A federal agency created by the Conservative government to mediate complaints about Canadian mining operations abroad has spent more than $1.1 million in the past two years, but has yet to mediate anything.

At the same time, the agency — the Office of the Extractive Sector Corporate Social Responsibility Counsellor — has racked up hundreds of thousands of dollars in travel, entertainment, training, meetings, reports and other expenses, documents obtained by CBC News show. Renovations to a federal government office to accommodate the agency's three employees alone cost Canadian taxpayers $189,000.

Its senior official, Marketa Evans, has been flying around the world to conferences, roundtables, workshops and other meetings — in all, 47 trips to Africa, South America, Washington and cities across Canada. She earns up to $170,000 a year.

What the agency hasn't done is mediate a single complaint against a Canadian mining company, the third federal agency CBC News has uncovered that is spending a lot to achieve little.

As CBC reported recently, the Employment Insurance Financing Board is supposed to invest surplus EI funds — except there aren't any. And the Public Appointments Commission bureaucracy lives on years after it was scrapped.

Altogether, the three agencies are costing taxpayers millions of dollars a year.

The federal mining watchdog is supposed to be helping to resolve allegations of environmental damage and human rights violations involving the hundreds of Canadian mining companies operating in foreign countries. To date, the agency has fielded only two complaints. One case quickly came to a dead end and the other appears to be in limbo.

In an exclusive interview with CBC News, Evans defended what critics describe as a complaints department in search of complaints.

"We are not going out there to solicit [complaints], if you will, but we do have a responsibility to let people know that we exist," Evans said. "So we have spent considerable time and energy and effort raising awareness of the office."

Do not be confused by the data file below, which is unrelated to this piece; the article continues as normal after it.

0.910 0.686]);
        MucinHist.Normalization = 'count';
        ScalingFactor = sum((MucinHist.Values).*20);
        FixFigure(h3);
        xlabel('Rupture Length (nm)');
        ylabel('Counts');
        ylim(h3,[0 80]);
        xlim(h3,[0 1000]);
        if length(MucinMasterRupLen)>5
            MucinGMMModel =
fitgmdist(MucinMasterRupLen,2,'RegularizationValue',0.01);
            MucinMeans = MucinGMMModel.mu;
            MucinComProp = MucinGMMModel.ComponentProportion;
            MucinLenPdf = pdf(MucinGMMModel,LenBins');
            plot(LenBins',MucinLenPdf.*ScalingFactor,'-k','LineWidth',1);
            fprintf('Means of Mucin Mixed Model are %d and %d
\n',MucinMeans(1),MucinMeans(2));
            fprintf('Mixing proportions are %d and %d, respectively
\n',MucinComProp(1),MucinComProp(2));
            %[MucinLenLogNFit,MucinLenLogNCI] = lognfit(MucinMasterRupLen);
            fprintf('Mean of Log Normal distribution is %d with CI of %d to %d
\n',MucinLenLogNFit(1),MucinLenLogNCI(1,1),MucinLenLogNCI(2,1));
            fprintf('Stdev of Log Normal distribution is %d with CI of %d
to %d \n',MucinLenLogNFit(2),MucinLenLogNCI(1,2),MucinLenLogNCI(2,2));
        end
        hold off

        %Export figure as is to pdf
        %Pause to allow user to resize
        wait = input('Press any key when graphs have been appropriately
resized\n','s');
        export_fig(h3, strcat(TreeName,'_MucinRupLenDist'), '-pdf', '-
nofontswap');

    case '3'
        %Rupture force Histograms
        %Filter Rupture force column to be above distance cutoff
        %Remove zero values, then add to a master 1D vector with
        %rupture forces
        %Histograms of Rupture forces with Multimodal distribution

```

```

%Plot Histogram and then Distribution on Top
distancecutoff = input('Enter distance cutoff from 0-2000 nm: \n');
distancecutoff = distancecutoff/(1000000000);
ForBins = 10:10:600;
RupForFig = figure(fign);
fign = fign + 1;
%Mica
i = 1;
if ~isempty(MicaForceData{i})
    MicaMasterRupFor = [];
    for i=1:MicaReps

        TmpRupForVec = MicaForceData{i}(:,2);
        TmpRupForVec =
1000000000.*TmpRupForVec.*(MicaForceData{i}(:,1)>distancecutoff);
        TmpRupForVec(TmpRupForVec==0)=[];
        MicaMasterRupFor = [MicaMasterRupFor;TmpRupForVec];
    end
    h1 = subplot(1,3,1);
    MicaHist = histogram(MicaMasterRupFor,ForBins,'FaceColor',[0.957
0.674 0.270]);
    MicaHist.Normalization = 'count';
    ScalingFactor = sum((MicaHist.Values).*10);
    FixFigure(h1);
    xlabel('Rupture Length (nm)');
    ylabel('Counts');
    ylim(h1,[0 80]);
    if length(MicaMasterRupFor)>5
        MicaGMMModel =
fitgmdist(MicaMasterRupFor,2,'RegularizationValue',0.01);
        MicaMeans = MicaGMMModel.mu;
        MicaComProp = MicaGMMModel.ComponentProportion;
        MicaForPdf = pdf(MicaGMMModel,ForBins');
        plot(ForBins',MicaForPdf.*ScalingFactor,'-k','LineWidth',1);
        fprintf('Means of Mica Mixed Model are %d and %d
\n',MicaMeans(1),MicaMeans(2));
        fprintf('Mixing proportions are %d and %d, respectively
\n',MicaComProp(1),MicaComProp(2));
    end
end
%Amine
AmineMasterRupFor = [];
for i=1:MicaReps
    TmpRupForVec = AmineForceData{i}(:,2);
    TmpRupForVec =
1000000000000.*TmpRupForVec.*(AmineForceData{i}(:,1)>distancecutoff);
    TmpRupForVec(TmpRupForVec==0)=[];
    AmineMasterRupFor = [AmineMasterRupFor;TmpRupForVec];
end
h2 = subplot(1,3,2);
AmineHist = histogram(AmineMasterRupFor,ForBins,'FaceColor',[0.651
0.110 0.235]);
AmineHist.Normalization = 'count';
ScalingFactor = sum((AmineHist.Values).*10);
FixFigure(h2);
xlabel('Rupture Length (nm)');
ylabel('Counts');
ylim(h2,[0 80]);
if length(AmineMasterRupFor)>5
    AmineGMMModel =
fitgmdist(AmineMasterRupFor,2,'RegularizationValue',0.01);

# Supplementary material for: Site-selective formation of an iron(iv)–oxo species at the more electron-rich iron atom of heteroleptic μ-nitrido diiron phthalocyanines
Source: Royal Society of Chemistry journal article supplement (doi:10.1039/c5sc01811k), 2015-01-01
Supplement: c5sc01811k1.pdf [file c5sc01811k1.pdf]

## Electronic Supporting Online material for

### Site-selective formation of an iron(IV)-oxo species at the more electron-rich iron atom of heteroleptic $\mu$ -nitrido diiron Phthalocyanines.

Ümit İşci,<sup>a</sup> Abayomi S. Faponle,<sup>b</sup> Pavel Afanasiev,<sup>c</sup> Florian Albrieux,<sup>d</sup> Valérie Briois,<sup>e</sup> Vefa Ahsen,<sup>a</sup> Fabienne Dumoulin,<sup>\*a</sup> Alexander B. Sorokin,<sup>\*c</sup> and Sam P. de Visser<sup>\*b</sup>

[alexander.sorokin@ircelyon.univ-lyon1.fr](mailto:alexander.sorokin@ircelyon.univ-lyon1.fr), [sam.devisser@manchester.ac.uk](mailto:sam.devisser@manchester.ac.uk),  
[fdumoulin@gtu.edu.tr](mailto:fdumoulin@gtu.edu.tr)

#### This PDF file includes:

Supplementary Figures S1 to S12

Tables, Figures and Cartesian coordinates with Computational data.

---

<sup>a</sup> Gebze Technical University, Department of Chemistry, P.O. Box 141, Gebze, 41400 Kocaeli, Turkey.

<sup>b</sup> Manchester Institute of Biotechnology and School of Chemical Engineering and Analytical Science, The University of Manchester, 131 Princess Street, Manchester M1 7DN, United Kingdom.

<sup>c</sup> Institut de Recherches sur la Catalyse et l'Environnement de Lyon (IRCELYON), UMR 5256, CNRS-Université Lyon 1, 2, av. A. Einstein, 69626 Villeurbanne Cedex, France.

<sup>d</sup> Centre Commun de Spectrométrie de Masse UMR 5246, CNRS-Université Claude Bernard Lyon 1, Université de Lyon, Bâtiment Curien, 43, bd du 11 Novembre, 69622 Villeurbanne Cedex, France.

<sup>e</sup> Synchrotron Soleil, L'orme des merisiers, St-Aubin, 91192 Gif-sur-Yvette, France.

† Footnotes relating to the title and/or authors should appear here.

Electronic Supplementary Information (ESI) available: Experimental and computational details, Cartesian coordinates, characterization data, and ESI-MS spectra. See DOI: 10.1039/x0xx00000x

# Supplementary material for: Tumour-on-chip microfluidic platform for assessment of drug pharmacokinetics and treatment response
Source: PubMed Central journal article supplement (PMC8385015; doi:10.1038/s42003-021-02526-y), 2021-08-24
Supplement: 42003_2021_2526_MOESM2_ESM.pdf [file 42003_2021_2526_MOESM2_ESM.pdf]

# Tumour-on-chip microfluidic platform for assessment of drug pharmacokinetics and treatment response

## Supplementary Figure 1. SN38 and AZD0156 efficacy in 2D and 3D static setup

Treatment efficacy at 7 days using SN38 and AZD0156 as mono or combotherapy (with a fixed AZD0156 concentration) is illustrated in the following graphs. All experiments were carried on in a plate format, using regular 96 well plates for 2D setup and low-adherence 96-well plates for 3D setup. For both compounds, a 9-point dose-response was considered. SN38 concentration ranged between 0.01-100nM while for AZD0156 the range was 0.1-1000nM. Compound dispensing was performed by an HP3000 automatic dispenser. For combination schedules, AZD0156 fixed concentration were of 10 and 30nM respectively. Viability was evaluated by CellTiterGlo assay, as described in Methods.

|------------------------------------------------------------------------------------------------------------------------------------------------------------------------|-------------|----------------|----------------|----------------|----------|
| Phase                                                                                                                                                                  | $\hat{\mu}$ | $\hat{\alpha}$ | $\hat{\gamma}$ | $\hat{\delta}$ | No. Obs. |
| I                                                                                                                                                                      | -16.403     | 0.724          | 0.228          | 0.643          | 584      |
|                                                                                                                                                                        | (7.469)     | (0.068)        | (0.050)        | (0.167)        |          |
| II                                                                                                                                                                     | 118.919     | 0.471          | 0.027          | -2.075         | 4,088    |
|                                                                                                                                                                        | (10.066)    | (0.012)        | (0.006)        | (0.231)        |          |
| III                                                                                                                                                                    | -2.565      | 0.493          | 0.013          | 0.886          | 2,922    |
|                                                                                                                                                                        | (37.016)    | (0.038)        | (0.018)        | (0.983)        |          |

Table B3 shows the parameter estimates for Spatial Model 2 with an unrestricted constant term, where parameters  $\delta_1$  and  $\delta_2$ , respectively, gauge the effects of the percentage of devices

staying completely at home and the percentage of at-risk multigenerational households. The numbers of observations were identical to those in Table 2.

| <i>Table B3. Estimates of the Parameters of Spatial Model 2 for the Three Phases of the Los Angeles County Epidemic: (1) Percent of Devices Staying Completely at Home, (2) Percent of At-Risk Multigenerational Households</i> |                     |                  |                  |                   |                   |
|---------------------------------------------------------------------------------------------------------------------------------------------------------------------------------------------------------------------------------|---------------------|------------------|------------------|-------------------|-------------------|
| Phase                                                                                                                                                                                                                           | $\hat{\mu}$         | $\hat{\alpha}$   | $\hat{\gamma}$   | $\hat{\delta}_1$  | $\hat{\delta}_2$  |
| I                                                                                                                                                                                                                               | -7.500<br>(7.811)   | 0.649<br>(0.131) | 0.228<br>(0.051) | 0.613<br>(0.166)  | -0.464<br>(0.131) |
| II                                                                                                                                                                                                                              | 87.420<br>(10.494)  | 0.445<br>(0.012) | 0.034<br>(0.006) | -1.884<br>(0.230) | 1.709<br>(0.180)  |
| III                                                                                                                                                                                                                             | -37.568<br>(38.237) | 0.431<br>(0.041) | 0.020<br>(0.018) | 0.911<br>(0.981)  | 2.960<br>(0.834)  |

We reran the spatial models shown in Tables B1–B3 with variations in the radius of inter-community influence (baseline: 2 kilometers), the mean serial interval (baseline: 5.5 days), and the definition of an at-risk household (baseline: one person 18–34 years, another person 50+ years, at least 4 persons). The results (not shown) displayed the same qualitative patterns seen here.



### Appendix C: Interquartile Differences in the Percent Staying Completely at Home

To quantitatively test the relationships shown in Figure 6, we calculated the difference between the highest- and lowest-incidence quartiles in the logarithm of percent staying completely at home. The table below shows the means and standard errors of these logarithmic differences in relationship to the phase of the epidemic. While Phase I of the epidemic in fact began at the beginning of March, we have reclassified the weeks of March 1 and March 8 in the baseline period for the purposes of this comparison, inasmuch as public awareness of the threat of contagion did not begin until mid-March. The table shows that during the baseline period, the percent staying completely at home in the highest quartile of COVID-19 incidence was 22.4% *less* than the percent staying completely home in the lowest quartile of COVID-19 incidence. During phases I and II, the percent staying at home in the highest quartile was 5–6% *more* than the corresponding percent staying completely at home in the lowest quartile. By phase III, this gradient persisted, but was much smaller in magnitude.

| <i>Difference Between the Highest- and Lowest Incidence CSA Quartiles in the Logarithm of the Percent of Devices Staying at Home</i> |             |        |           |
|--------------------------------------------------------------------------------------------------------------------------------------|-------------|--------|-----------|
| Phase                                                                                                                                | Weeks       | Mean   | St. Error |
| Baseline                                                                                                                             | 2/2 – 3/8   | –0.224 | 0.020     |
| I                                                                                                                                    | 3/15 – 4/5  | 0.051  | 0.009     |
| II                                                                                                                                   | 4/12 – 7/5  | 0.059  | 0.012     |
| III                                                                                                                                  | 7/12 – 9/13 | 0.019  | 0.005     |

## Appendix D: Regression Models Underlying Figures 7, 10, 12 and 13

Evans says the agency is "very careful" with taxpayers' money: "We travel very selectively. We went to Africa; we travelled economy class."

Waste of money

Critics say the agency is entirely living up to their expectations that it would be largely a waste of money.

Liberal MP John McKay tried unsuccessfully to get the previous Parliament to enact tough laws to crack down on Canadian mining operations abroad. He says the Harper government instead created Evans's organization and gave it a mandate that was a "recipe for failure."

Evans has no authority to investigate anything, McKay said, and participation in mediation of complaints is entirely voluntary. If a company accused of wrongdoing decides it doesn't want anything to do with the process, that's the end of it.

The inability of the agency to address controversies surrounding Canadian mining companies abroad was exposed last year by CBC's Wendy Mesley in a special report for The National. Now, government expense reports and other documents obtained by CBC suggest the mining watchdog has mainly been taking a bite out of taxpayers.